Photo by S. Paige Allen, L&C photographer
The National Great Rivers Research and Education Center’s Jerry F. Costello Confluence Field station is certified LEED Gold for sustainable building practices.
ALTON — The National Great Rivers Research and Education Center is officially the gold standard in sustainable building.
Its Jerry F. Costello Confluence Field Station was awarded LEED (Leadership in Energy and Environmental Design) Gold Certification by the U.S. Green Building Council.
“This particular research facility is a very complex structure,” said Dale Chapman, NGRREC board chair and president of Lewis and Clark Community College. “To receive Gold level LEED Certification for such a complex building added challenges. It is great to have this national organization affirm that we have achieved construction, operation and sustainability goals at the highest levels.”
LEED is a green building certification program that recognizes best-in-class building strategies and practices, according to www.usgbc.org. To receive LEED certification, building projects satisfy prerequisites and earn points to achieve different levels of certification. LEED is generally recognized as the preeminent organization for green building certification.
NGRREC applied for a possible 46 points, including points for its water conservation systems, vegetated roof, renewable energy production and energy-saving measures, such as solar panels and high-efficiency heating and cooling system, as well as the use of all native landscaping on the site. The project earned 45.
“Buildings are a prime example of how human systems integrate with natural systems,” said Rick Fedrizzi, CEO and founding chair, USGBC. “The National Great Rivers Research and Education Center project efficiently uses our natural resources and makes an immediate, positive impact on our planet, which will tremendously benefit future generations to come.”
The Field Station was built using green technologies and construction techniques in accordance with LEED certification standards.
It features the use of passive solar light collectors in many of the offices and laboratories to supplement electric lights. The sun’s energy is also used for heating the building’s water. Water conservation measures in the facility include onsite greywater treatment that uses man-made wetlands for water filtering. Additionally, the building’s living green roof creates habitat for plants and animals, and also collects and stores any rainwater that falls on the building, eliminating runoff. A river water supply pipeline enables researchers to pump river water directly into their wet labs and large raceways, called mesocosms, that mimic some river conditions for experimental use.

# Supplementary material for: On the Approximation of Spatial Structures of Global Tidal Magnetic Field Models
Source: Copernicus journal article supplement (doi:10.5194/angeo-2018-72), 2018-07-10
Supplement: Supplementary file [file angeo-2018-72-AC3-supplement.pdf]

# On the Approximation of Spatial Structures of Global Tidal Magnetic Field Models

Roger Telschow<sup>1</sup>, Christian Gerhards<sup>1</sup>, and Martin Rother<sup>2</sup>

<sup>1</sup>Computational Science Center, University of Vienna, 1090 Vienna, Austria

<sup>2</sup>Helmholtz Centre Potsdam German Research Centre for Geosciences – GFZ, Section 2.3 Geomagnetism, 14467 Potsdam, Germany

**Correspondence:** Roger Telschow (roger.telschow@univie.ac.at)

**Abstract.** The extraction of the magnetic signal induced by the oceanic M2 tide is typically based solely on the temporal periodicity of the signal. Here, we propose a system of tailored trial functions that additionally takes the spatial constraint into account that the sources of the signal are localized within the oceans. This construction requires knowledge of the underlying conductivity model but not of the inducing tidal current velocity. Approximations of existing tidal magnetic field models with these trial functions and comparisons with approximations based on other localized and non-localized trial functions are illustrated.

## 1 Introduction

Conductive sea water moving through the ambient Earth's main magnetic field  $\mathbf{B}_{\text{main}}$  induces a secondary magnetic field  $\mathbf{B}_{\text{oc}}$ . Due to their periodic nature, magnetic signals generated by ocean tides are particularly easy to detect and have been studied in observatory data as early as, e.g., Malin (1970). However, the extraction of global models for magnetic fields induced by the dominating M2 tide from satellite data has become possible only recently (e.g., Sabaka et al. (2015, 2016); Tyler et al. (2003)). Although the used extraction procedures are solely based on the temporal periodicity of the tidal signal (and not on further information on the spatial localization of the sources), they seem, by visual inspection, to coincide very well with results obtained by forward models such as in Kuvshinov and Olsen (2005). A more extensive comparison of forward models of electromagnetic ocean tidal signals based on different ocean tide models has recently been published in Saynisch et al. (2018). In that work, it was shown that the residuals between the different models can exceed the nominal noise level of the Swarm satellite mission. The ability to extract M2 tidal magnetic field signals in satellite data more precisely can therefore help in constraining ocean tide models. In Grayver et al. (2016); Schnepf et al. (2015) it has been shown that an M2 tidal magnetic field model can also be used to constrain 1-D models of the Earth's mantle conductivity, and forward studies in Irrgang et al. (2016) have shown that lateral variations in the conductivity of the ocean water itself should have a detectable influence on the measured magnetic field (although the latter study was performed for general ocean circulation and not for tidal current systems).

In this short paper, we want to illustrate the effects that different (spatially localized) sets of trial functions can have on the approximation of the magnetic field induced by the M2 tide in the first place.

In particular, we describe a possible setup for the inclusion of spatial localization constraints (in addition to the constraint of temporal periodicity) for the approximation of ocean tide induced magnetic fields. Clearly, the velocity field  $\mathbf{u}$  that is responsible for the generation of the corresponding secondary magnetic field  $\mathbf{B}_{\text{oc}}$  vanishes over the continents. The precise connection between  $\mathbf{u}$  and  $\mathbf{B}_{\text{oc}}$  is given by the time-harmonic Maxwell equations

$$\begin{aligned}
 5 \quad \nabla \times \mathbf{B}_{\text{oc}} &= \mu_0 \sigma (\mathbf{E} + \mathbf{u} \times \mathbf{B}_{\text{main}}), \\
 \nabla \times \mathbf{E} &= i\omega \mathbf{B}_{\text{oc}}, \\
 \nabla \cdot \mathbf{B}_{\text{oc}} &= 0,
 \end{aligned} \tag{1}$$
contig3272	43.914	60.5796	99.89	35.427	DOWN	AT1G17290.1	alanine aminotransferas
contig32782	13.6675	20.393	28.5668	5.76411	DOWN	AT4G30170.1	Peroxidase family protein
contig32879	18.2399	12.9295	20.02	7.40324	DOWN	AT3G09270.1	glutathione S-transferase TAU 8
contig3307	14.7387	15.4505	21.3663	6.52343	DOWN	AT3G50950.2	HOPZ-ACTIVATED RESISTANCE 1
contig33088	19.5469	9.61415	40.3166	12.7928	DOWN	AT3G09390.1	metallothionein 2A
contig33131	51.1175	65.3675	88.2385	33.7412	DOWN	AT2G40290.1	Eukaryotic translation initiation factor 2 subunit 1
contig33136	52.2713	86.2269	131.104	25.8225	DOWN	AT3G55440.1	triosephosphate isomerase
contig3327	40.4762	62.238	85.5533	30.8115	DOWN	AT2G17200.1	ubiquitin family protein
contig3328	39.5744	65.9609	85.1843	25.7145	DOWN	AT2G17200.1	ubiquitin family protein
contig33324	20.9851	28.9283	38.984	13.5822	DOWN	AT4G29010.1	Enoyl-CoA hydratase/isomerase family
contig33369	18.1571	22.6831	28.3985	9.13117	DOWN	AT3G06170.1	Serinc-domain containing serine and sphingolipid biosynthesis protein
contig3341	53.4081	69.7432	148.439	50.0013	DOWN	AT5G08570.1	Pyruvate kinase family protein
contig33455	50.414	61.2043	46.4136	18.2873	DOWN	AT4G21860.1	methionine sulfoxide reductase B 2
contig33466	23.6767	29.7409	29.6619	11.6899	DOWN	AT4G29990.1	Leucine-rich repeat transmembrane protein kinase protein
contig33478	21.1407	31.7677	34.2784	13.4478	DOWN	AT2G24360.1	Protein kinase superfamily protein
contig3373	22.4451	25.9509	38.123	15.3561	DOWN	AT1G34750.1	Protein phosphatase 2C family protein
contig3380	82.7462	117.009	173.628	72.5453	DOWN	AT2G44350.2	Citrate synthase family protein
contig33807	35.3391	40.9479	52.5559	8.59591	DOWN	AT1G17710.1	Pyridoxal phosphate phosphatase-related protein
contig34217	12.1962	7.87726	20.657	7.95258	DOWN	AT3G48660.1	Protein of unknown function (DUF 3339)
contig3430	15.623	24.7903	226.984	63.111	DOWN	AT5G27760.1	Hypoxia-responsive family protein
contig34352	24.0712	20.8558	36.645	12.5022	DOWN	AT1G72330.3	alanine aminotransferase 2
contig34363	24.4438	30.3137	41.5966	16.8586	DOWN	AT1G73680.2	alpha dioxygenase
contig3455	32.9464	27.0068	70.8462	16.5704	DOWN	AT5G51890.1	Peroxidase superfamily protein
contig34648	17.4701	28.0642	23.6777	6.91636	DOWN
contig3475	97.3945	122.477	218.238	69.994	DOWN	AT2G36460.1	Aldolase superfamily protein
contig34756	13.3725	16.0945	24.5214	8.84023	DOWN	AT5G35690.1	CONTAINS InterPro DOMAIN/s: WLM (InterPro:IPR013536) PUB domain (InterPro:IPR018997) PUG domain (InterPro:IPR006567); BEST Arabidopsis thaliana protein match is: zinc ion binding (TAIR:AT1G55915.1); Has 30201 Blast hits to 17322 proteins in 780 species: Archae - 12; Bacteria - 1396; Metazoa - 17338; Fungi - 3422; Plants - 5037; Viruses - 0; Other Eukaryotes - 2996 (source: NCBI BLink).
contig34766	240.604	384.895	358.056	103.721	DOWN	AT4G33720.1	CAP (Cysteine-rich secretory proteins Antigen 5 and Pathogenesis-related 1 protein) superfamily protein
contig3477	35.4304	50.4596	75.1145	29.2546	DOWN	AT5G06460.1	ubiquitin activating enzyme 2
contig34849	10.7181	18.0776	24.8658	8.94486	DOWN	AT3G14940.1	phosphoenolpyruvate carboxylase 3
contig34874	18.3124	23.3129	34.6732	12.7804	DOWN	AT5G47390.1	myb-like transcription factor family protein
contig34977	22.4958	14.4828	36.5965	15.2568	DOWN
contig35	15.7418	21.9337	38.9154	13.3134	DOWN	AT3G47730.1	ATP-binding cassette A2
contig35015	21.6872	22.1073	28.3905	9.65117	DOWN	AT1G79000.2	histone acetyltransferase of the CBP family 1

“Being an organization that is focused at its heart on sustainability of rivers and water, we are particularly proud of the green features that are incorporated into this building,” said Ted Kratschmer, field station manager. “Of course, the water conservation measures were of particular concern, but the energy-saving measures are equally important, as water and energy production are closely linked.”
Energy efficiency is optimized in the building’s chilled water-cooling system (supplemented by river water and ice storage tanks in the summer), and heat recovery wheel (exchanges heat from intake and exhaust air, recovering energy that would otherwise be lost), reducing grid energy needs and costs. Recycled materials are employed throughout the building’s construction including:
- Rebar in the concrete
- Metal studs
- Rubber floor tiles
- Bathroom floor and wall tiles
- Insulation made from recycled newspaper and paper
- 90 percent of construction-related waste has been recycled
AAIC Inc. was the building’s architect and BRiC Partnership LLC were consulting engineers on the project.
“The measures taken to reduce energy consumption represent a responsible disposition on behalf of the college, not only with respect to its goals and objectives, but to future generations of students and the community at large,” said Tom Buchheit, of BRiC Partnership LLC. “The trackable solar arrays alone, at certain times of the year, offset 50 percent of the building’s electrical demand. This is stewardship at its best. The college should be very proud of what it has accomplished: a beautiful building, a comfortable environment, and a showcase for responsible citizenry.”
Achieving LEED Gold Certification is a process that took several years to realize, and is a credit to the vision of the NGRREC Board of Leadership and Advisory Board, said Nate Keener, L&C’s director of sustainability.
“We have long been educating visitors to NGRREC about the numerous sustainable features employed in the building’s construction, and this announcement validates the hard work that went in to turning the vision into reality,” Keener said.